On March 26th 2005 Doctor Who returned to our screens. Exactly ten years later I find myself writing this blog as we find out which stories Rose (not that Rose, my Rose – oh, I knew this would get confusing!) found the most exciting, having reached the first series of 21st Century Who in our watch through, which itself started on exact day the show celebrated its 50th Anniversary. Confusing doesn’t cover it!
But here’s the thing – we’ve reached ‘New Who’, it’s 2005, and ROSE HAS STILL NOT BEEN BORN. We are still watching stories that were broadcast before her time. It’s mind boggling, frankly.
What still feels new and fresh to me, still feels like yesterday, frankly, is, to Rose, something very much of its time. She points out the old mobiles, the clothes, even the effects like they are something from another era, and, with a gulp, I realise she’s right.
Rose immediately likes the Ninth Doctor, more so than I think she expected to. Having been considerably less familiar with Christopher Eccleston’s portrayal than his successors, I think she had come to the assumption that he was less fun, less adventurous, less of a Doctor. Not a bit of it! He’s different, that’s for certain – the way he dresses, the way he talks, the way he walks are like nothing we’ve seen in the Time Lord before – but he’s every bit the Doctor.
Rose, too, was a hit with our Rose. Despite making some real progress with Ace in the final years of the original run, the series has never presented us with a companion who felt so, well, REAL before. It’s not just in the writing – Billie Piper gives a wonderful, naturalistic performance that makes it very easy to warm to her, and our Rose really connected with her, and never more than in…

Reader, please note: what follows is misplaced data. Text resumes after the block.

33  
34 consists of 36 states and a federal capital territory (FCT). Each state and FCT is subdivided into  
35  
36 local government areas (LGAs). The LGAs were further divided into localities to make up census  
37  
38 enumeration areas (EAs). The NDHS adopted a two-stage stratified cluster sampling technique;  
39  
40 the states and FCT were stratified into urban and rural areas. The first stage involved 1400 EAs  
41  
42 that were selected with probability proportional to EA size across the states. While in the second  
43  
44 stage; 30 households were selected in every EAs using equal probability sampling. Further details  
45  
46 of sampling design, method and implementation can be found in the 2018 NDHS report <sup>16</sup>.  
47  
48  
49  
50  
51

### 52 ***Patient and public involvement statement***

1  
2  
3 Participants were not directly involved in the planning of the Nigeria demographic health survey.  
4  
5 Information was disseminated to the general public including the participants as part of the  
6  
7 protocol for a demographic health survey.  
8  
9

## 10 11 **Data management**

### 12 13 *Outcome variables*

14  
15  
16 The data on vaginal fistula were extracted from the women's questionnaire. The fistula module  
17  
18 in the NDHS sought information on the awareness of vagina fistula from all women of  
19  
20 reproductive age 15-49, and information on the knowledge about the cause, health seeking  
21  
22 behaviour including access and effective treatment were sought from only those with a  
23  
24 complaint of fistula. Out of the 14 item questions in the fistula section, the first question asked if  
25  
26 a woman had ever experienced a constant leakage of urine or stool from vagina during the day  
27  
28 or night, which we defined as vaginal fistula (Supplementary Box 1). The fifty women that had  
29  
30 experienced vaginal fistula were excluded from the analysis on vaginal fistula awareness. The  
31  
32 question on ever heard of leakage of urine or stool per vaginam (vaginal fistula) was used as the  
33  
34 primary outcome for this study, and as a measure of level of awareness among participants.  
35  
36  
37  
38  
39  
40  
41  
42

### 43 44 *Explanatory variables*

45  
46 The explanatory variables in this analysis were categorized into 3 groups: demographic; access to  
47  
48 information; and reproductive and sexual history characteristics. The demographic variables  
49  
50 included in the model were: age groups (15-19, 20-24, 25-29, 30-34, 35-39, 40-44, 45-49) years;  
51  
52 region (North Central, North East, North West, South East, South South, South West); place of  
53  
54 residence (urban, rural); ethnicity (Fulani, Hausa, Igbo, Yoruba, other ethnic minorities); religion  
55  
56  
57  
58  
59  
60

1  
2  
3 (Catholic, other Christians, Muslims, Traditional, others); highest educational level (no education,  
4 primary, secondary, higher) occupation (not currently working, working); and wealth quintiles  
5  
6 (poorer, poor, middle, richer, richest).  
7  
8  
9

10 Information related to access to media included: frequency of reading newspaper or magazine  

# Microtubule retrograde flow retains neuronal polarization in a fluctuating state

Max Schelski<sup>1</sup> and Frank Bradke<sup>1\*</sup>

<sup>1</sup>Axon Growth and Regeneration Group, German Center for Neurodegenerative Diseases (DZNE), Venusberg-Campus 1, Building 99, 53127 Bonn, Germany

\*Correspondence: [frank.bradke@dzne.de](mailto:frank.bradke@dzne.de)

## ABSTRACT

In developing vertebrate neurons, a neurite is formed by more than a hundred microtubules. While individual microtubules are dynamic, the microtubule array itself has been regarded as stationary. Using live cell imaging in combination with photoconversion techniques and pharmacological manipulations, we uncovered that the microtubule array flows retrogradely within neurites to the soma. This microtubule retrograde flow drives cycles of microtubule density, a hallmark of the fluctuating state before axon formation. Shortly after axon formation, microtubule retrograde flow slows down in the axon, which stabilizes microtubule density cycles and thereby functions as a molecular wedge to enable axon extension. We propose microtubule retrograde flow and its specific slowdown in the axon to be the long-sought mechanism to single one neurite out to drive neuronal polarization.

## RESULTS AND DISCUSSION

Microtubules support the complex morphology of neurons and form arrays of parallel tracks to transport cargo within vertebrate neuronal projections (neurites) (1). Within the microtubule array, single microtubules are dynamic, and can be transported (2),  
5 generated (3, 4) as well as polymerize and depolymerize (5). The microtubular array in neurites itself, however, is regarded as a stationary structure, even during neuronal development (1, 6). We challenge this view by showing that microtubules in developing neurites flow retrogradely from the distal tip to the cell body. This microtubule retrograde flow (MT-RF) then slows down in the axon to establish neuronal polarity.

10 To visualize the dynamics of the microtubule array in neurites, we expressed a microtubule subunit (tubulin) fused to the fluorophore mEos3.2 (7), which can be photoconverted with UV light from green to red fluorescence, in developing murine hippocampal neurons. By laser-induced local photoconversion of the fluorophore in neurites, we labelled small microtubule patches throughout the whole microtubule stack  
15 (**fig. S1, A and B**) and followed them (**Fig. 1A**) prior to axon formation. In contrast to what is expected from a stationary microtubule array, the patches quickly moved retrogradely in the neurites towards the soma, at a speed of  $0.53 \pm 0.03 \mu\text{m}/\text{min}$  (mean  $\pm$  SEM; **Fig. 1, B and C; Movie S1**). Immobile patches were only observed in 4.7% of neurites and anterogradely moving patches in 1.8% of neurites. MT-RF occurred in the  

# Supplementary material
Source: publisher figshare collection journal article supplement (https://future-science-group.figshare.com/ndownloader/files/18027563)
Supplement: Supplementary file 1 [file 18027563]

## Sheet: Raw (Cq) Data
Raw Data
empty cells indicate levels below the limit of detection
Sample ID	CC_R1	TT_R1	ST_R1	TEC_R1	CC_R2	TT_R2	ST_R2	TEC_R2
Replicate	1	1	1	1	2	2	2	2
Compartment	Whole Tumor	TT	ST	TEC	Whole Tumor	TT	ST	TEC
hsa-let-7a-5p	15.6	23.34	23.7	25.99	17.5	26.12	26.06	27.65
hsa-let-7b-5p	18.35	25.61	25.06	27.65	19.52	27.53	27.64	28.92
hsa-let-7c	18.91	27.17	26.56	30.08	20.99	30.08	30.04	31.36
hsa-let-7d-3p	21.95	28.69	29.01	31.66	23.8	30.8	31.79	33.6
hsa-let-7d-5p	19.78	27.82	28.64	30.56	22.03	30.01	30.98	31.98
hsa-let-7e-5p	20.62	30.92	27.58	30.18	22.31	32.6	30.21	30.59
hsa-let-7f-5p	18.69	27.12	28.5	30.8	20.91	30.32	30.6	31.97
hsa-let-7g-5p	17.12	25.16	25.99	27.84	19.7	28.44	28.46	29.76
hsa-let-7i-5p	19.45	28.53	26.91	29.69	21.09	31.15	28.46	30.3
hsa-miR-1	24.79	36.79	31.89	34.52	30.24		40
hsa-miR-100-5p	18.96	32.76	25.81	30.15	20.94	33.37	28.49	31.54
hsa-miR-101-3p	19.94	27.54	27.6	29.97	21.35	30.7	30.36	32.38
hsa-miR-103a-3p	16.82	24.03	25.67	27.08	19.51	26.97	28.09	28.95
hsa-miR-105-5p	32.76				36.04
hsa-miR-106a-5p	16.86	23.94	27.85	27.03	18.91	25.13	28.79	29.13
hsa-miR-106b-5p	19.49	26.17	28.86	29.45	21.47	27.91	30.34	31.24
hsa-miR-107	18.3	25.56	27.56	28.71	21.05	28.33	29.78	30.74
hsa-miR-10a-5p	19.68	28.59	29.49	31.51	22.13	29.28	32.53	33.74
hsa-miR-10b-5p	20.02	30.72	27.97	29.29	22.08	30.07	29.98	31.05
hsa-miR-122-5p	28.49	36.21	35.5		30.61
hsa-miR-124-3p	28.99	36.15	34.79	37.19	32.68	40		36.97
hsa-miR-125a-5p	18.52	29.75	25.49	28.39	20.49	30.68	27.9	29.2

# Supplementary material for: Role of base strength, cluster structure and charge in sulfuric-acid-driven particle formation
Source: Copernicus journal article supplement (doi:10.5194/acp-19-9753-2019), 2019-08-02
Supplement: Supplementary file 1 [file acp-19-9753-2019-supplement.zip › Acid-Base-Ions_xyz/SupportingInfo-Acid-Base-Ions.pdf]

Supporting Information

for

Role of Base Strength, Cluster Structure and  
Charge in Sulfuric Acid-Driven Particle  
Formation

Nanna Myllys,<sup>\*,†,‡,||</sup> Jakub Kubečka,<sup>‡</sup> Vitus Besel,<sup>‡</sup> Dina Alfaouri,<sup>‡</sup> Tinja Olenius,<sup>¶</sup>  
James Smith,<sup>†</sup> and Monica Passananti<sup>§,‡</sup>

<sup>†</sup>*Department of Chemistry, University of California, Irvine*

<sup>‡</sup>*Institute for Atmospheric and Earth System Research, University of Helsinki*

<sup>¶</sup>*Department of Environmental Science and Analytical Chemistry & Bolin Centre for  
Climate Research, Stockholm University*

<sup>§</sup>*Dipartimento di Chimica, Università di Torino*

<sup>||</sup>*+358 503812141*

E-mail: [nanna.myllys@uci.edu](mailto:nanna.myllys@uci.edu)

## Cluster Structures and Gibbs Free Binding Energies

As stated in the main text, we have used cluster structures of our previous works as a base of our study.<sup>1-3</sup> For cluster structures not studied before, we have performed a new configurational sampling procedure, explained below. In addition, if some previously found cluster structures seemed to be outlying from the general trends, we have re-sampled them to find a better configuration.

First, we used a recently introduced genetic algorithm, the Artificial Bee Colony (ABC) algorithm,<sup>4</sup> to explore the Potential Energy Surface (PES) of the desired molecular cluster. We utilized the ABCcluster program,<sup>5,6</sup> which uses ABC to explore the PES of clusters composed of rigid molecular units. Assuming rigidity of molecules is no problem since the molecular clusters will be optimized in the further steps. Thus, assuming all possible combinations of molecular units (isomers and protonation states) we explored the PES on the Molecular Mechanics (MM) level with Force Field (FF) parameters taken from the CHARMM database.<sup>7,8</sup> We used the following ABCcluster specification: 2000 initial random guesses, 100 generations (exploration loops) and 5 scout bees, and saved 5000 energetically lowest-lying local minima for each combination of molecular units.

1. Father’s Day
When Rose described this story as ‘like a soap’ she didn’t in any way mean this in a derogatory way, more that it presents some very real characters, with real lives and emotions, caught up in a fantastical situation that itself was caused by a very human desire – Rose trying to save her Dad on the day he was supposed to die. Our Rose loved the central idea, and understood Rose’s actions and also the emotional territory this then took the story into, as Rose got the chance to finally meet her Dad (and her baby self, in a scene that Rose agreed was ‘similar to Mawdryn Undead and the two Brigadiers’).